In writing this description of the Scottish Borders, one is indebted to John Sadler’s book “Border Fury, England and Scotland at War 1296-1568”.
The great swathe of country running from the Solway in the west to the North Sea in the east takes in a wide mix of landscapes. On the Scottish side the southern uplands confront the Cheviot Hills traversed by Liddesdale and Teviotdale, Armstrong, Elliot, Bell and Scott country. Hermitage castle in Liddesdale stands as a testament to the strife of the region. To the west is Bewcastle Waste, and thence south west towards Carlisle Castle. North of the Solway is Eskdale and Annandale, the Scottish West March, and the ‘Debatable Land’ between the two sides.
Castles, tower houses and peles still abound, such as Smailholm near Kelso, and Hollows Tower near Canonbie. The battlefields at Heavenfield, Flodden, Otterburn, Hedgeley Moor and the Reidswire are visible but other sites such as Carham, Homildon, Ancrum Moor, Pinkie, Haddon Rigg are less obvious.
There is a noticeable cultural shift in architecture when crossing the border into Scotland and at Coldstream this can be seen in the crow stepped gables displaying a distinct French influence than English.
From Berwick to the Solway is no more than 70 miles as the crow flies. The line of the Border is nearer 120 miles with the hump of the Cheviot massif rising to 2,500 ft at the highest point. By the mid 13th century the governance of the region on both sides fell to march wardens, indentured servants whose duty was to control and defend their constituency. Often this extended to warden raids with hundreds, sometimes thousands, of light horse with levies of garrison troops sweeping through the opposing march. Teviotdale and Annandale were frequent targets.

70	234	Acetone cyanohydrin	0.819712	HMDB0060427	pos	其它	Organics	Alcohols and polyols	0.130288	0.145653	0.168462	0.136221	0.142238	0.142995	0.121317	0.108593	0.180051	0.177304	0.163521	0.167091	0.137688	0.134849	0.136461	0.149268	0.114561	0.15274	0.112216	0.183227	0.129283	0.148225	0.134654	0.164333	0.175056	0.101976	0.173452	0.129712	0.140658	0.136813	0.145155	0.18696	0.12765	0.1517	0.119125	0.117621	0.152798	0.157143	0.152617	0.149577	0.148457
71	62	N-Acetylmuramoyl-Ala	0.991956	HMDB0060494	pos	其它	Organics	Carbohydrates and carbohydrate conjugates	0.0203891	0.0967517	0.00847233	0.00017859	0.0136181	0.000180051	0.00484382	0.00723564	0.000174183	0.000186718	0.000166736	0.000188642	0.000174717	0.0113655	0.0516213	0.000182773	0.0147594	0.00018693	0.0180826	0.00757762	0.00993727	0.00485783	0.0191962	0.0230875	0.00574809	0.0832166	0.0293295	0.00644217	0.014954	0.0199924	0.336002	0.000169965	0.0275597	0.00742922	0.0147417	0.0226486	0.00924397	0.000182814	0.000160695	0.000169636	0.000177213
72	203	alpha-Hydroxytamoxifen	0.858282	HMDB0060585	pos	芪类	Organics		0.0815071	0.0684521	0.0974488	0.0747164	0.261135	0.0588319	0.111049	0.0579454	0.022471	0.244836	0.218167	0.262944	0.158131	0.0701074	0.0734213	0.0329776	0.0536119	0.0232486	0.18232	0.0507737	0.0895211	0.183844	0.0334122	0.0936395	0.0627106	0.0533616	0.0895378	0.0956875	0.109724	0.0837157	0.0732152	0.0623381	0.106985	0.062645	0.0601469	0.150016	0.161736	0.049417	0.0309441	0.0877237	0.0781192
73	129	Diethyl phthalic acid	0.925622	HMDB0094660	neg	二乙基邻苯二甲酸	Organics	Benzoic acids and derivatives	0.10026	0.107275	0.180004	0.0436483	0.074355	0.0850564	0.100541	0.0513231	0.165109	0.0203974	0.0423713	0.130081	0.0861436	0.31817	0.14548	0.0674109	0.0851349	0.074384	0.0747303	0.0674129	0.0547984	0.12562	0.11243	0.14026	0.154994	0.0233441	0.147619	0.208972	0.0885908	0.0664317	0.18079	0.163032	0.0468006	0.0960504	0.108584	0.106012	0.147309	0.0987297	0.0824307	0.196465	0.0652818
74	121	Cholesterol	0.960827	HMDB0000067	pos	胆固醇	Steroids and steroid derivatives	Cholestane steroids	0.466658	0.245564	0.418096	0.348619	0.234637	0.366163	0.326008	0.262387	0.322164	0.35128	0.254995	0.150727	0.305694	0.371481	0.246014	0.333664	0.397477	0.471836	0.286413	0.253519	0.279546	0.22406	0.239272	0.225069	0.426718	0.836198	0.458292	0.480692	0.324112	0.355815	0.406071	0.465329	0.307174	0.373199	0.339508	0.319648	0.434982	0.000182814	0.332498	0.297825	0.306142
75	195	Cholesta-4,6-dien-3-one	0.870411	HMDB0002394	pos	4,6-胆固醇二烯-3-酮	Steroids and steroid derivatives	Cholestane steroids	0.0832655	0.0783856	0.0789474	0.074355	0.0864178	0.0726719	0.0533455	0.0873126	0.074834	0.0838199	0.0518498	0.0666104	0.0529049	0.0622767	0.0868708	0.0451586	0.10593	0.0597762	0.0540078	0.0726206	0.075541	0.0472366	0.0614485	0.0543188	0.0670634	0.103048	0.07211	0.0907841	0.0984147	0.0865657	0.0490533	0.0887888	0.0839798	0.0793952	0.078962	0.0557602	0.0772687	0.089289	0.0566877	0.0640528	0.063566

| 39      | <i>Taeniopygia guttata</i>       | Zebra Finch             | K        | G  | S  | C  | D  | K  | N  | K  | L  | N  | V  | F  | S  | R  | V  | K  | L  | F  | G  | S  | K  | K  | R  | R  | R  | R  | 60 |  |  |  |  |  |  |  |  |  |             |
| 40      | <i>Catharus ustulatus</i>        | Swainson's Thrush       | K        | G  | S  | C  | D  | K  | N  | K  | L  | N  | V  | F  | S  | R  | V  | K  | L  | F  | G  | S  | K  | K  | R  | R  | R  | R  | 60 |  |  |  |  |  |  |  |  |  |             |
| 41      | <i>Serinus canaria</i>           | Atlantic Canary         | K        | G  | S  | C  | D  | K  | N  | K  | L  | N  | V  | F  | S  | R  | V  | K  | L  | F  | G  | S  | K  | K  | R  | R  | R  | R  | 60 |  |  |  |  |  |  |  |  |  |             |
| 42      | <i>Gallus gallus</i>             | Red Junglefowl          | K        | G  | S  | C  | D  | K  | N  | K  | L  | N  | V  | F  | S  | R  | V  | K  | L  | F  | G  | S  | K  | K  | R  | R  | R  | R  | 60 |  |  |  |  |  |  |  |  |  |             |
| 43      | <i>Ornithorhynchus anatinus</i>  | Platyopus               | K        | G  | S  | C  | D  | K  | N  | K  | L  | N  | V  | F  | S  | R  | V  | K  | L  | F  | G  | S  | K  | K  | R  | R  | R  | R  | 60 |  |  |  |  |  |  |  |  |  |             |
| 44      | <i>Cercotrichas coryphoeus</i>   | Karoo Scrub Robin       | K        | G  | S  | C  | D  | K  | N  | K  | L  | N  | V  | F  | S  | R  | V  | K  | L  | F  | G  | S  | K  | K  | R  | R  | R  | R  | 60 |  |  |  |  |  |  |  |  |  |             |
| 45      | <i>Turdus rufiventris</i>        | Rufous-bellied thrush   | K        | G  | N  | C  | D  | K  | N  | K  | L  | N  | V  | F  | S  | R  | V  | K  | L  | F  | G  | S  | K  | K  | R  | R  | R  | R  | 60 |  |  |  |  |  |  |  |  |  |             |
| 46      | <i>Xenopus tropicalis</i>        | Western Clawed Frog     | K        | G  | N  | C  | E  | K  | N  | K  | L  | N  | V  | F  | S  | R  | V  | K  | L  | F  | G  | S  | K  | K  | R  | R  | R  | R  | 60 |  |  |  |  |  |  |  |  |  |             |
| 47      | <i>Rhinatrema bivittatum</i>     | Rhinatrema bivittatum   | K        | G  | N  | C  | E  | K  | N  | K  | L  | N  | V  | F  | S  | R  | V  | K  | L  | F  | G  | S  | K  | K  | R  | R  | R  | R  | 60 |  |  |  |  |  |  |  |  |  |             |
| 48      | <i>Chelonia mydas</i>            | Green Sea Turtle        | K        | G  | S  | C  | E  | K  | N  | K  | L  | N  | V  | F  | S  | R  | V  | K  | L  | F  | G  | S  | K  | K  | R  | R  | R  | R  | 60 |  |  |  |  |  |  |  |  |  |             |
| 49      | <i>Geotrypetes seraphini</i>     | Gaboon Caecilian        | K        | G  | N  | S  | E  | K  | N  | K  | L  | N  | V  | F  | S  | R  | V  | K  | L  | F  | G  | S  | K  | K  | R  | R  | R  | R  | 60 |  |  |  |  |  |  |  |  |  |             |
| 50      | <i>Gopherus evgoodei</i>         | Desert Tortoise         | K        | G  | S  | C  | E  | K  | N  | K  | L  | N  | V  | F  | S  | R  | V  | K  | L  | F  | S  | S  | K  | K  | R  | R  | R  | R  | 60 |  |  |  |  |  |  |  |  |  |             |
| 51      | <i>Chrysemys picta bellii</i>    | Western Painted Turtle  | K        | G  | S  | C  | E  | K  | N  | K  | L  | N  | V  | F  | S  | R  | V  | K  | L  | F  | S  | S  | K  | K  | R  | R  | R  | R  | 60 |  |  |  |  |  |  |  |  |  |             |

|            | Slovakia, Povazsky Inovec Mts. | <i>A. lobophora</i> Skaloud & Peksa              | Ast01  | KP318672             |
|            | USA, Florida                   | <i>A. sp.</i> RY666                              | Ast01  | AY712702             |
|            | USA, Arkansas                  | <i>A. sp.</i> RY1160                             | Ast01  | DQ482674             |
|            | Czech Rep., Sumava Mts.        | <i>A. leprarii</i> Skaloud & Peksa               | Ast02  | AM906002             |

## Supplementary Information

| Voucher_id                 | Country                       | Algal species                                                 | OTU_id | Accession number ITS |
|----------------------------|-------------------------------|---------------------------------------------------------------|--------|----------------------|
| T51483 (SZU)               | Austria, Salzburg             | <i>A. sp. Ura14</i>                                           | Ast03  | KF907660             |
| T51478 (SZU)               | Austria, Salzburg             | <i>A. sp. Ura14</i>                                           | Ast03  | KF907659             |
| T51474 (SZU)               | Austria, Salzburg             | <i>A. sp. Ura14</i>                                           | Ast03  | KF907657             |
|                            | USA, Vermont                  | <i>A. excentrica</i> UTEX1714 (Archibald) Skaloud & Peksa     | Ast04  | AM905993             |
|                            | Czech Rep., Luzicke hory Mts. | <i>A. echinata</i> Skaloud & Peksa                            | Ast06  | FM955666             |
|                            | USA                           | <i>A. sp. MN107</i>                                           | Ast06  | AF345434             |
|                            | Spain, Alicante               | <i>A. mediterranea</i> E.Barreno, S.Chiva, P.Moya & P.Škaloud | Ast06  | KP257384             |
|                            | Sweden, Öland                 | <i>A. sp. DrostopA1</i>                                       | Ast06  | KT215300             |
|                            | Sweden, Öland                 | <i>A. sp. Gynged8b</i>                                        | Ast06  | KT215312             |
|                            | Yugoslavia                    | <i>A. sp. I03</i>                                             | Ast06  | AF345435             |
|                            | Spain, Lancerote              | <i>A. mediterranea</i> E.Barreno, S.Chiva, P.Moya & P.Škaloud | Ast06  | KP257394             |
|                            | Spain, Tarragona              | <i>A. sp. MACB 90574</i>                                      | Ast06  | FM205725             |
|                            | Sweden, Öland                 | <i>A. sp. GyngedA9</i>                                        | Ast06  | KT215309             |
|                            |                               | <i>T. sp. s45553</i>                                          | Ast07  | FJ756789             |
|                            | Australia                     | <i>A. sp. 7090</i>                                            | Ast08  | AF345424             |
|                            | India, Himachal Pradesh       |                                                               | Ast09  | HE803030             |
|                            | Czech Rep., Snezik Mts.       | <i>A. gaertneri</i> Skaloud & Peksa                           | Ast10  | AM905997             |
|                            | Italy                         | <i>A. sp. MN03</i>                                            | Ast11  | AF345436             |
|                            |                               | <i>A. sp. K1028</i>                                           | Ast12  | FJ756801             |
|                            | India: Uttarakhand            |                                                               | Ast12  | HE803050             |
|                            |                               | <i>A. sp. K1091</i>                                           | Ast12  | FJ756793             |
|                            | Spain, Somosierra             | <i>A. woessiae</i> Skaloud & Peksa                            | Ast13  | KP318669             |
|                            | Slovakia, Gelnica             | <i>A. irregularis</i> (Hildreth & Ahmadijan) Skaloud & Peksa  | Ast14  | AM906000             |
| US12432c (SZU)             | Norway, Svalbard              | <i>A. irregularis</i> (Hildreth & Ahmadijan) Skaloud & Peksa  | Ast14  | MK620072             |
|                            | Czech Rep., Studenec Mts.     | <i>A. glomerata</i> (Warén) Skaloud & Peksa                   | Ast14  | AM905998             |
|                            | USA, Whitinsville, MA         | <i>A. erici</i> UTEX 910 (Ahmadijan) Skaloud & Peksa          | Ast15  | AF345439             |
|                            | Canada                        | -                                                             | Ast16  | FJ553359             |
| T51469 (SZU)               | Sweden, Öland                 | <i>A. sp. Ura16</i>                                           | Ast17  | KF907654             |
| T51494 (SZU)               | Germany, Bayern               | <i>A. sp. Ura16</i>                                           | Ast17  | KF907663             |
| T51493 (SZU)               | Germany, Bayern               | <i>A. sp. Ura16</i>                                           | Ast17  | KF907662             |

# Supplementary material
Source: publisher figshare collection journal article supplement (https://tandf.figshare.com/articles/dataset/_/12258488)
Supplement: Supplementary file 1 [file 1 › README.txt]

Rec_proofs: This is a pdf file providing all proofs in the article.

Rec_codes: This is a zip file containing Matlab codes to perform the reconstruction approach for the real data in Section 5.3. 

On the Scottish side, the East March comprised Berwickshire, Hume Castle commanding the Merse and on the coast the remains of Fast Castle perched on the cliffs above the North Sea.
The sheriffdoms of Roxburgh, Selkirk and Peebles together with the ‘County of Liddisdail’ made up the Scottish Middle March. From the Tweed above Carham to the Hanging Stone the district abutted the English East March. And then westward to Kershopefoot along the barren rise of the Cheviot Hills it adjoined the middle and finally the last seven miles the West March. Hawick was, as it remains, the principal town of Teviotdale sharing its prominence with Jedburgh, Kelso and Selkirk. Liddesdale was sufficiently lawless to merit its own warden – the Keeper of Liddesdale who resided at Hermitage Castle.
The Scottish West March encompassed Kirkcudbright and Dumfries, running from Kershopefoot to Galloway with the river valleys of Niddsdale, Annandale, Eskdale and Wachopdale. Dumfries was the seat of the warden. This was Maxwell country and Lord Maxwell exercised his sway over the area from the stronghold at Caerlaverock on the banks of the Solway. The strength of Annandale was Lochmaben, the seat of the Johnstones, of which little remains. Eskdale was guarded by the Tower at Langholm and little survives. The feud between Maxwell and Johnstone which culminated in a savage melee at Dryfe Sands near Lockerbie in 1593 is an epic in itself; the fight was probably the bloodiest Clan battle ever fought.
The Border Irvings & Irvines, with control of a good number of Towers at Bonshaw, Stapleton, Robgill, Woodhouse, Wysebie, Cove, Braes, Kirkconnel and Kirkpatrick, command of over a hundred light horse, the Clan was one of the main ‘riding names’ or ‘reivers’ of the Borders.